Au. sediba: Another Human "Ancestor" Bites the
In our home we're currently trying to settle on a color of bark to lay down on a patch of sloping front yard that needs some sprucing up. For Australopithecus sediba, however, that same bark would make a tasty meal.
Just nine months ago in this space, Casey Luskin was predicting that a much-hyped human "ancestor," Au. sediba, wouldn't hold that title long and would instead soon enough be relegated to the side of the ledger that's filled with ape-like non-ancestors.
The trail of fallen ancestors brings us to the present day, September 2011, when the media has started a new cycle of hype with Australopithecus sediba. If history is a guide, within months or a few years we should expect to see cooler heads prevail in their analyses of this fossil.Sure enough, the cooling trend is now plainly in evidence, with Nature reporting that the creatures had a very notable characteristic in common with chimps, not humans, that had not previously been recognized: their diet, highlighted by tree bark and wood. This was found thanks to an analysis of tooth enamel and dental tartar and microwear. The NY Times lets its readers down softly:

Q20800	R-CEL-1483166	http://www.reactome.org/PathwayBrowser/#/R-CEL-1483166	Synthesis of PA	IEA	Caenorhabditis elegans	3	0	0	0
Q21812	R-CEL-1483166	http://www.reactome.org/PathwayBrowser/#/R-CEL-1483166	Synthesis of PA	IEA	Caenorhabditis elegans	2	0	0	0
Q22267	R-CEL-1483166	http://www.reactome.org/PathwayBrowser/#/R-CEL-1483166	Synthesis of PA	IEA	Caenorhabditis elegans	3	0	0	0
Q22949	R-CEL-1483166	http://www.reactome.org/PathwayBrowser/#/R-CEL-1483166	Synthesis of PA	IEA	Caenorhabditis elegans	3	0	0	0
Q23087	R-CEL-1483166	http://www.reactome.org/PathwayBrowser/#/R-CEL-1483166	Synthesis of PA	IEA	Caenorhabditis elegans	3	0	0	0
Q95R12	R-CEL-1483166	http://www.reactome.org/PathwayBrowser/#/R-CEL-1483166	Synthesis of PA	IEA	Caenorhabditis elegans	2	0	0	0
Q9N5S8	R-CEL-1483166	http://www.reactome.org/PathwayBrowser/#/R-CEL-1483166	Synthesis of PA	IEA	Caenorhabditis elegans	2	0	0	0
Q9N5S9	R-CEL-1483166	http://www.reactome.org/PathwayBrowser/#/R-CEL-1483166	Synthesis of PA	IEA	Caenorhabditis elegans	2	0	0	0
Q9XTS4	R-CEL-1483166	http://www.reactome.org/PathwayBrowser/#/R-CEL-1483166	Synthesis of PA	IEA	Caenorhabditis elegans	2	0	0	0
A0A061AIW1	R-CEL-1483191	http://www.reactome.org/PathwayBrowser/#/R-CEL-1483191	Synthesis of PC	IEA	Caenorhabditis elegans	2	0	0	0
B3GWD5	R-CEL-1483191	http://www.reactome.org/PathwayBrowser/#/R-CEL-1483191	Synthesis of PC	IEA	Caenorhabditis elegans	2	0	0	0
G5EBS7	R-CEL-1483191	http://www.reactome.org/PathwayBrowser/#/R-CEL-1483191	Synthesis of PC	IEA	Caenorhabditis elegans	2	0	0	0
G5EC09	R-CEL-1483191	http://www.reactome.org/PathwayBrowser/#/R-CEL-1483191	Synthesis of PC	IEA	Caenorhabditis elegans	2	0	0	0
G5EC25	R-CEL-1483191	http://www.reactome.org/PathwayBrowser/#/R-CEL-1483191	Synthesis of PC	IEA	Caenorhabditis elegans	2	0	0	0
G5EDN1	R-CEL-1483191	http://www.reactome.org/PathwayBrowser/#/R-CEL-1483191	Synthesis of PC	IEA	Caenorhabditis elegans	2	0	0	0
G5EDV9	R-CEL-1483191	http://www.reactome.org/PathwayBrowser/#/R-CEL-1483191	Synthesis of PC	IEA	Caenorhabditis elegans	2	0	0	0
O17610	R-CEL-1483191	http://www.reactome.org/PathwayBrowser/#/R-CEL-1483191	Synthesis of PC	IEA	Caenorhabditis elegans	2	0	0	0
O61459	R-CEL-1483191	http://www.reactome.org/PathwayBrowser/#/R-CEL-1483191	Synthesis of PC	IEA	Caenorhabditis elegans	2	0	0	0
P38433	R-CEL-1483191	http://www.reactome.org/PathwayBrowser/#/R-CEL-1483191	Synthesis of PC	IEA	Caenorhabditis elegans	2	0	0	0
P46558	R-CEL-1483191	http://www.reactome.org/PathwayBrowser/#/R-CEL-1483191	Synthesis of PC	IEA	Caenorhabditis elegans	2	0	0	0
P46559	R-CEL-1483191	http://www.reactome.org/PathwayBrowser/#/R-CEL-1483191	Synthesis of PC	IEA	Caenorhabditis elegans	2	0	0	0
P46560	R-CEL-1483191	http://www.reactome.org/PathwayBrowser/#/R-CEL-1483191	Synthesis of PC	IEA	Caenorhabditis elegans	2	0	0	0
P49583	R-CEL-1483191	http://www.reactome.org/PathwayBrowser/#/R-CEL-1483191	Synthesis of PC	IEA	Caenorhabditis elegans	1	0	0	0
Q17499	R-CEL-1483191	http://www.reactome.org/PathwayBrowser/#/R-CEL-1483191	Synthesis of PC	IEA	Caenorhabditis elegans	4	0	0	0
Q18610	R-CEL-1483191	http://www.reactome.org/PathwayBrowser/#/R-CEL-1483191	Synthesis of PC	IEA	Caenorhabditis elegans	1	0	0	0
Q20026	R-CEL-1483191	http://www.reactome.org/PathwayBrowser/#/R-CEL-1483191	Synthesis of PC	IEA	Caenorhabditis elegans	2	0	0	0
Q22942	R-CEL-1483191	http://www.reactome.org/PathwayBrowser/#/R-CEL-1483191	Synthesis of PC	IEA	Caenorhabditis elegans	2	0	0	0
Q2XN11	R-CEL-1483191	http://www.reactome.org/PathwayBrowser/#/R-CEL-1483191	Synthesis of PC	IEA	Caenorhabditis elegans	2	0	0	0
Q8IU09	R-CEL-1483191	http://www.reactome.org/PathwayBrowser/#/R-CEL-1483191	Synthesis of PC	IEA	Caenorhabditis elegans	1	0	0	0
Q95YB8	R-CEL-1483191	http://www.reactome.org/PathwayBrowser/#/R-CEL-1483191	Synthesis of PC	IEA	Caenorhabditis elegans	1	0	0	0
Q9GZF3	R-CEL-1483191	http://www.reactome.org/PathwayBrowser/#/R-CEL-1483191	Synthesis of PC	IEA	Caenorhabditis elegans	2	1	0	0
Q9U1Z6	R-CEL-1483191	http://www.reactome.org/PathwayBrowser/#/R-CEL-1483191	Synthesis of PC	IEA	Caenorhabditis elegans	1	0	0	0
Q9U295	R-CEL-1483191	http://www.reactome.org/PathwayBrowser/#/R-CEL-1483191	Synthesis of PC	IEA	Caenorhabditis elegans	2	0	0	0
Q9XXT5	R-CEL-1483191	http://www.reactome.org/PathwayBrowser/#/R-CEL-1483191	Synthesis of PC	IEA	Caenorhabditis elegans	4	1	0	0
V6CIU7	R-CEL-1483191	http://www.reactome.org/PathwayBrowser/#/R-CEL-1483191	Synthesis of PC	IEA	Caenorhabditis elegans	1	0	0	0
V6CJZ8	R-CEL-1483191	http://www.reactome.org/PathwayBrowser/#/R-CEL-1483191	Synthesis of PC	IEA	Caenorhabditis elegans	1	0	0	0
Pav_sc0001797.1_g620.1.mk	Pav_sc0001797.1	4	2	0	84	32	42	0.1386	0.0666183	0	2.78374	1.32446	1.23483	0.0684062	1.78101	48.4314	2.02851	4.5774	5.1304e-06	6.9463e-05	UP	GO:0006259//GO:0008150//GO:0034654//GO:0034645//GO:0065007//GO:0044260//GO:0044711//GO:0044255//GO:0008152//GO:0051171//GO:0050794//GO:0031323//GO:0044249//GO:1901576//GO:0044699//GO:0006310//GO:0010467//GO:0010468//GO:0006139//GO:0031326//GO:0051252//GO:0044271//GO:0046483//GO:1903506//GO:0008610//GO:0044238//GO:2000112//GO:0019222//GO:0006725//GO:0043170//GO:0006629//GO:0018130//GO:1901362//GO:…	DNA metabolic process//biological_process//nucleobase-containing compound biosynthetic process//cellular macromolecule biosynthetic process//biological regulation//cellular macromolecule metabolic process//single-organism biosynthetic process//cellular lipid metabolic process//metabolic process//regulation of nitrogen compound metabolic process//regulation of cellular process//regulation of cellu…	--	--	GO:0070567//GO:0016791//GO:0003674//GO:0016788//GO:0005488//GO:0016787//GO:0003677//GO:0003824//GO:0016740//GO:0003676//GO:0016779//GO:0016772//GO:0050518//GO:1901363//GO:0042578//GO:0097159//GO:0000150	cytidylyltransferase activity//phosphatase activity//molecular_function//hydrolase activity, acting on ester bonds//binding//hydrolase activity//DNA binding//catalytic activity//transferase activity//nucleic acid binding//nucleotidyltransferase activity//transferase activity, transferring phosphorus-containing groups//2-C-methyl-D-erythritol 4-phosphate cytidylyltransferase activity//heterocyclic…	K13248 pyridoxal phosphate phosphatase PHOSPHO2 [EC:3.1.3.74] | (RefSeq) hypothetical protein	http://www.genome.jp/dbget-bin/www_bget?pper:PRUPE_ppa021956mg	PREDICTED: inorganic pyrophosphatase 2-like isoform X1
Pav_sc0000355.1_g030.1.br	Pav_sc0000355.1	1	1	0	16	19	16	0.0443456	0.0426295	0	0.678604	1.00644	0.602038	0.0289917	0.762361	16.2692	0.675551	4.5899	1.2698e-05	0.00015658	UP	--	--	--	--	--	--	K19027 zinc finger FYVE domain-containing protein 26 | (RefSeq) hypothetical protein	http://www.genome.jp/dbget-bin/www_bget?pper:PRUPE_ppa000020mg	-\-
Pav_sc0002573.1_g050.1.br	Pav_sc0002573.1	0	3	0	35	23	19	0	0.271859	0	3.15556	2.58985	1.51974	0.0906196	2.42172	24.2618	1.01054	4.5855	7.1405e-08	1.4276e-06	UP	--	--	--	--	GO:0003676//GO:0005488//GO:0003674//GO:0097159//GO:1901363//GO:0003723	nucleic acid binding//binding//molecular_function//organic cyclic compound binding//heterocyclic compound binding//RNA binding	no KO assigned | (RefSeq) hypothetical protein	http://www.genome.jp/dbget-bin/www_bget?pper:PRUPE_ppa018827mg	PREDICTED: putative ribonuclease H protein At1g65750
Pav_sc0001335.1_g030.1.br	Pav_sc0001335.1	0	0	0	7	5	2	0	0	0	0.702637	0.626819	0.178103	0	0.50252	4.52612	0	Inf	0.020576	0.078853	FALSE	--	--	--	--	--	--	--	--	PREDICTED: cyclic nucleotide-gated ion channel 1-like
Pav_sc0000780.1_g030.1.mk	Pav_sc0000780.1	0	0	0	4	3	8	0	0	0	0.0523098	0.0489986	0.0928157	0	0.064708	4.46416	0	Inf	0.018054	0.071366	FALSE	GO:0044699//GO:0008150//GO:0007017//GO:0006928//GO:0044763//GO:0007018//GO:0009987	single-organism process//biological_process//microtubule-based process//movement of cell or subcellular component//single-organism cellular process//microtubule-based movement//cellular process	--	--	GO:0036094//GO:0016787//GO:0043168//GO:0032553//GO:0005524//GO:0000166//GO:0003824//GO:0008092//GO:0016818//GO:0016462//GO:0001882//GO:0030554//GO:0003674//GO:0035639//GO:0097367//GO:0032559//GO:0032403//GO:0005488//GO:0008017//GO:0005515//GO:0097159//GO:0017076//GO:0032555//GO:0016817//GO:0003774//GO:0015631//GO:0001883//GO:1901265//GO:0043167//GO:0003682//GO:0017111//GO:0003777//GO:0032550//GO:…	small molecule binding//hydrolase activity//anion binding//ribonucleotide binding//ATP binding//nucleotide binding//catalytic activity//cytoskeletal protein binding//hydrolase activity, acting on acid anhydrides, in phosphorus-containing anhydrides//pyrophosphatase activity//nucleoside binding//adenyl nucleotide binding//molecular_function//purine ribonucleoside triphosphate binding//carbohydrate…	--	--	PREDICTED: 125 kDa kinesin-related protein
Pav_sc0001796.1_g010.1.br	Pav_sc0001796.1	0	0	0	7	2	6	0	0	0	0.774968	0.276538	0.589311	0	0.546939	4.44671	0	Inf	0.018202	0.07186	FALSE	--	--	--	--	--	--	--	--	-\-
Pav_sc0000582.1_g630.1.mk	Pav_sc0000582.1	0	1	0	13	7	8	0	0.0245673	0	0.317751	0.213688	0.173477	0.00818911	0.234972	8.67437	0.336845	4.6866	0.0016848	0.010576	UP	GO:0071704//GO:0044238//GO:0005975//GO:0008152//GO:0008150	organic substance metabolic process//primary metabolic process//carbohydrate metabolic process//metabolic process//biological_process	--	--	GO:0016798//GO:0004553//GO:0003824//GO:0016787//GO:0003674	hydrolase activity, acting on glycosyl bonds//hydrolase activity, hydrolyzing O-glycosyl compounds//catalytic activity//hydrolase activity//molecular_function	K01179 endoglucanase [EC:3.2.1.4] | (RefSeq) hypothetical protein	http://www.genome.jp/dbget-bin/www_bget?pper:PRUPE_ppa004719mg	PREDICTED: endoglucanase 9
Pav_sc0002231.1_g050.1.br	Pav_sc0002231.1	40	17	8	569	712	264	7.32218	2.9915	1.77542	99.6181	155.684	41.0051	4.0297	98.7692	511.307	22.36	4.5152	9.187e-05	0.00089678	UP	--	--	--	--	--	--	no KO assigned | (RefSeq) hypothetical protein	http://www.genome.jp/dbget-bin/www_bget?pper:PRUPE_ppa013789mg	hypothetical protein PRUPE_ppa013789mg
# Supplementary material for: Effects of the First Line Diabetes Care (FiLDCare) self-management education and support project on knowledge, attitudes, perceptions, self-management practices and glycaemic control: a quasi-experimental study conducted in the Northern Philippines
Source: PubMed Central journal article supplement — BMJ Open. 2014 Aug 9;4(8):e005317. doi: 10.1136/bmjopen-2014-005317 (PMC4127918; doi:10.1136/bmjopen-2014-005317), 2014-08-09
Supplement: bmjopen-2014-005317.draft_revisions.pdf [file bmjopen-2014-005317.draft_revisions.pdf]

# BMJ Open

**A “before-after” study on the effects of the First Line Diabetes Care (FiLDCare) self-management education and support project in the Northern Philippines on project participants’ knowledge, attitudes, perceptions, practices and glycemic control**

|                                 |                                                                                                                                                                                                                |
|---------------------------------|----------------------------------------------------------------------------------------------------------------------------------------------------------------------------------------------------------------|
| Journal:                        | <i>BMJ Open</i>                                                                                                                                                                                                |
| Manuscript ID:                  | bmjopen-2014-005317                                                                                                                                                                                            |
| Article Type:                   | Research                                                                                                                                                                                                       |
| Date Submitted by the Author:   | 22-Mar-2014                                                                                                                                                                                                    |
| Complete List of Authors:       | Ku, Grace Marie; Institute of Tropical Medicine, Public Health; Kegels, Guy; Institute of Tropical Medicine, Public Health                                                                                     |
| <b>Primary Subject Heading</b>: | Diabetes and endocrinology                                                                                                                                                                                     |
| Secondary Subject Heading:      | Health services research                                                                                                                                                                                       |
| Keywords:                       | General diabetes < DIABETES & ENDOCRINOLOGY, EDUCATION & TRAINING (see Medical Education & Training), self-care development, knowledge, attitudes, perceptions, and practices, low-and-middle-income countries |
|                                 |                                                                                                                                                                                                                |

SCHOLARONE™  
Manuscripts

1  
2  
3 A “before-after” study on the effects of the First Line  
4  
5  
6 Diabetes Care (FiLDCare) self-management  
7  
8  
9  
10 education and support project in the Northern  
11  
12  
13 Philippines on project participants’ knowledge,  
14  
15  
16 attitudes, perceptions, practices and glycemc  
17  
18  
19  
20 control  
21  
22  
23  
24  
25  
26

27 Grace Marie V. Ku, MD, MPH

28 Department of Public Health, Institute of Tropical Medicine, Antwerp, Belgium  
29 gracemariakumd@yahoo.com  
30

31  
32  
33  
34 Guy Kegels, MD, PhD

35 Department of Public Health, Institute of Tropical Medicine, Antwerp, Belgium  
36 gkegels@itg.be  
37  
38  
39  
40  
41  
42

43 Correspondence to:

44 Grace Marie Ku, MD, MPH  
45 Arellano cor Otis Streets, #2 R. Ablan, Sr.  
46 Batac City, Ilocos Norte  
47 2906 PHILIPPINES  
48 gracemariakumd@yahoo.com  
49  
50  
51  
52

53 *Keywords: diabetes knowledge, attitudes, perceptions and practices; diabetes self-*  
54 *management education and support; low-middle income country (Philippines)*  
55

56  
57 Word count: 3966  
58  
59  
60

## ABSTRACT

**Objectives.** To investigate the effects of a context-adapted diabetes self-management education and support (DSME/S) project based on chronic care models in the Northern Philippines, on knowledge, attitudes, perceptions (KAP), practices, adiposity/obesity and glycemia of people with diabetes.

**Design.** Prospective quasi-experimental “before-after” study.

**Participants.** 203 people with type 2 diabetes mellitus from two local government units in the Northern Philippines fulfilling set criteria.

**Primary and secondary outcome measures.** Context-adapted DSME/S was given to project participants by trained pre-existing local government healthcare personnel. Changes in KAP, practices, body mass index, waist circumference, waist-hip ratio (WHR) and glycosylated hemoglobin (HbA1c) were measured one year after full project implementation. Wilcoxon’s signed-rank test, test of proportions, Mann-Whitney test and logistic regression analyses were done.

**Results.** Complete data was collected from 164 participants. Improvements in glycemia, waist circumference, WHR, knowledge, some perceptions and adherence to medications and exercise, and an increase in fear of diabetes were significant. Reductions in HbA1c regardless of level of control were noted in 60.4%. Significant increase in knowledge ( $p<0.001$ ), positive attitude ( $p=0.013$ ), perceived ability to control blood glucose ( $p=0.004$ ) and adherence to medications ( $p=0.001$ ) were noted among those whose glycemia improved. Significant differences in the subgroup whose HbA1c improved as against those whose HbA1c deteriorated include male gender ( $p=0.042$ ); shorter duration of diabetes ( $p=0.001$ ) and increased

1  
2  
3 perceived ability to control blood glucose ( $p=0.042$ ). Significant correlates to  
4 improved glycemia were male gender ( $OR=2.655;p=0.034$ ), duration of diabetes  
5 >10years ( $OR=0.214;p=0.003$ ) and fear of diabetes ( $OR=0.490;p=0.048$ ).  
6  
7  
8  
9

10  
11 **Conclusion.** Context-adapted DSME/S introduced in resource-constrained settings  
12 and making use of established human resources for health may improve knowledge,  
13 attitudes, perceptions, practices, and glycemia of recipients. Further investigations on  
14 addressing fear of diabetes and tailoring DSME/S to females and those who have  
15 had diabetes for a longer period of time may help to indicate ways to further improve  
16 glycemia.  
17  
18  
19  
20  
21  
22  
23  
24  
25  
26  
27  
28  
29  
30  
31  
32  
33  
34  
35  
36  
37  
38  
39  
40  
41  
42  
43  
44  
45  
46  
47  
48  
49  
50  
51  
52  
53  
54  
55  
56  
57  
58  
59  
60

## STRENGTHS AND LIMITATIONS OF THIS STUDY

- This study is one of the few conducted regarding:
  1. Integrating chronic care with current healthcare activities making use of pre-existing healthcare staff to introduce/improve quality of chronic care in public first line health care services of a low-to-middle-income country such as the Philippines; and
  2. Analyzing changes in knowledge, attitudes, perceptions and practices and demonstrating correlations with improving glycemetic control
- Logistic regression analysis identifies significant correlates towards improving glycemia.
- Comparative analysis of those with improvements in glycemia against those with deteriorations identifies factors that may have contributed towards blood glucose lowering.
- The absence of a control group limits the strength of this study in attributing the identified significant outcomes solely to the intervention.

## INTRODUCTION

The discovery, by Lee Berger of the University of Witwatersrand in Johannesburg, of two partial skeletons -- one an adult female, the other a juvenile male -- was the basis for the announcement two years ago of the new hominin species. These and at least one other adult specimen indicate that these hominins stood little more than four feet tall and had small brains and a mix of primitive and more modern anatomies. Dr. Berger was an author of the new journal report.So discoverer Lee Berger, previously hailed for uncovering our tree-eating "ancestor," is now decidedly out on a limb. Science reporter John Noble Wilford still calls the australopithicene species "prehumans" -- since I guess anything, even a sponge, that came before Homo sapiens is arguably "prehuman" -- yet allows that, as common sense would suggest, "you are what you eat."
Few other paleoanthropologists agree with Dr. Berger's contention that the new species is the most plausible known ancestor of archaic and modern humans. Dr. [Amanda G.] Henry's group said that studies of additional fossils from the Malapa caves "will provide a better understanding of the dietary ecology of Au. sediba."